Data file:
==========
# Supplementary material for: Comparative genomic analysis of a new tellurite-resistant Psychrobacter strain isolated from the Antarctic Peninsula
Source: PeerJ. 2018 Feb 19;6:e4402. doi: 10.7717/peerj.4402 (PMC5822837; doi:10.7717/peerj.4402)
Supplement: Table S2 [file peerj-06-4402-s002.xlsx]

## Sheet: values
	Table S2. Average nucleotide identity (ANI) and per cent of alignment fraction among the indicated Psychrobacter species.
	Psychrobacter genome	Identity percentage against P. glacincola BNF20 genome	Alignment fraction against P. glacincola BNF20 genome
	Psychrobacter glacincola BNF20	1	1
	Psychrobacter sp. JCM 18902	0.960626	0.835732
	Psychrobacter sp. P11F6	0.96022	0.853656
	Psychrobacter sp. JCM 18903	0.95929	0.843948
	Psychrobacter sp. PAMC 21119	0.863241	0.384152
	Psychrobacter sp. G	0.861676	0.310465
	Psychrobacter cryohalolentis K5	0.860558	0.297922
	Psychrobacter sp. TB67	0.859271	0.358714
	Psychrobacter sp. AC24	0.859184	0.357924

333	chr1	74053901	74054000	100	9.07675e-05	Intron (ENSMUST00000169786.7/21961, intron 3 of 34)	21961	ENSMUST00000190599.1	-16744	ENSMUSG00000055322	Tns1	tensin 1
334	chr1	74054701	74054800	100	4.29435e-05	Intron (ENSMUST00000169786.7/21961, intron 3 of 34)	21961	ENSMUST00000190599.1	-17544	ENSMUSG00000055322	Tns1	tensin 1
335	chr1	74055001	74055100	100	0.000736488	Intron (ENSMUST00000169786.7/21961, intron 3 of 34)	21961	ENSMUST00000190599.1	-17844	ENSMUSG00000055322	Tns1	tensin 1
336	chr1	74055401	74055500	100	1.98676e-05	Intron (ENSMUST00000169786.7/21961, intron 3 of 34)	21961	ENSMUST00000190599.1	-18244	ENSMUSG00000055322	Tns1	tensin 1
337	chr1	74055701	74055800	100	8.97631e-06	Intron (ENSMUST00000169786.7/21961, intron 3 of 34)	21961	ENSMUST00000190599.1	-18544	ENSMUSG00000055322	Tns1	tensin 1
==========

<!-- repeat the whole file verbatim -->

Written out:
# Supplementary material for: Comparative genomic analysis of a new tellurite-resistant Psychrobacter strain isolated from the Antarctic Peninsula
Source: PeerJ. 2018 Feb 19;6:e4402. doi: 10.7717/peerj.4402 (PMC5822837; doi:10.7717/peerj.4402)
Supplement: Table S2 [file peerj-06-4402-s002.xlsx]

## Sheet: values
	Table S2. Average nucleotide identity (ANI) and per cent of alignment fraction among the indicated Psychrobacter species.
	Psychrobacter genome	Identity percentage against P. glacincola BNF20 genome	Alignment fraction against P. glacincola BNF20 genome
	Psychrobacter glacincola BNF20	1	1
	Psychrobacter sp. JCM 18902	0.960626	0.835732
	Psychrobacter sp. P11F6	0.96022	0.853656
	Psychrobacter sp. JCM 18903	0.95929	0.843948
	Psychrobacter sp. PAMC 21119	0.863241	0.384152
	Psychrobacter sp. G	0.861676	0.310465
	Psychrobacter cryohalolentis K5	0.860558	0.297922
	Psychrobacter sp. TB67	0.859271	0.358714
	Psychrobacter sp. AC24	0.859184	0.357924

333	chr1	74053901	74054000	100	9.07675e-05	Intron (ENSMUST00000169786.7/21961, intron 3 of 34)	21961	ENSMUST00000190599.1	-16744	ENSMUSG00000055322	Tns1	tensin 1
334	chr1	74054701	74054800	100	4.29435e-05	Intron (ENSMUST00000169786.7/21961, intron 3 of 34)	21961	ENSMUST00000190599.1	-17544	ENSMUSG00000055322	Tns1	tensin 1
335	chr1	74055001	74055100	100	0.000736488	Intron (ENSMUST00000169786.7/21961, intron 3 of 34)	21961	ENSMUST00000190599.1	-17844	ENSMUSG00000055322	Tns1	tensin 1
336	chr1	74055401	74055500	100	1.98676e-05	Intron (ENSMUST00000169786.7/21961, intron 3 of 34)	21961	ENSMUST00000190599.1	-18244	ENSMUSG00000055322	Tns1	tensin 1
337	chr1	74055701	74055800	100	8.97631e-06	Intron (ENSMUST00000169786.7/21961, intron 3 of 34)	21961	ENSMUST00000190599.1	-18544	ENSMUSG00000055322	Tns1	tensin 1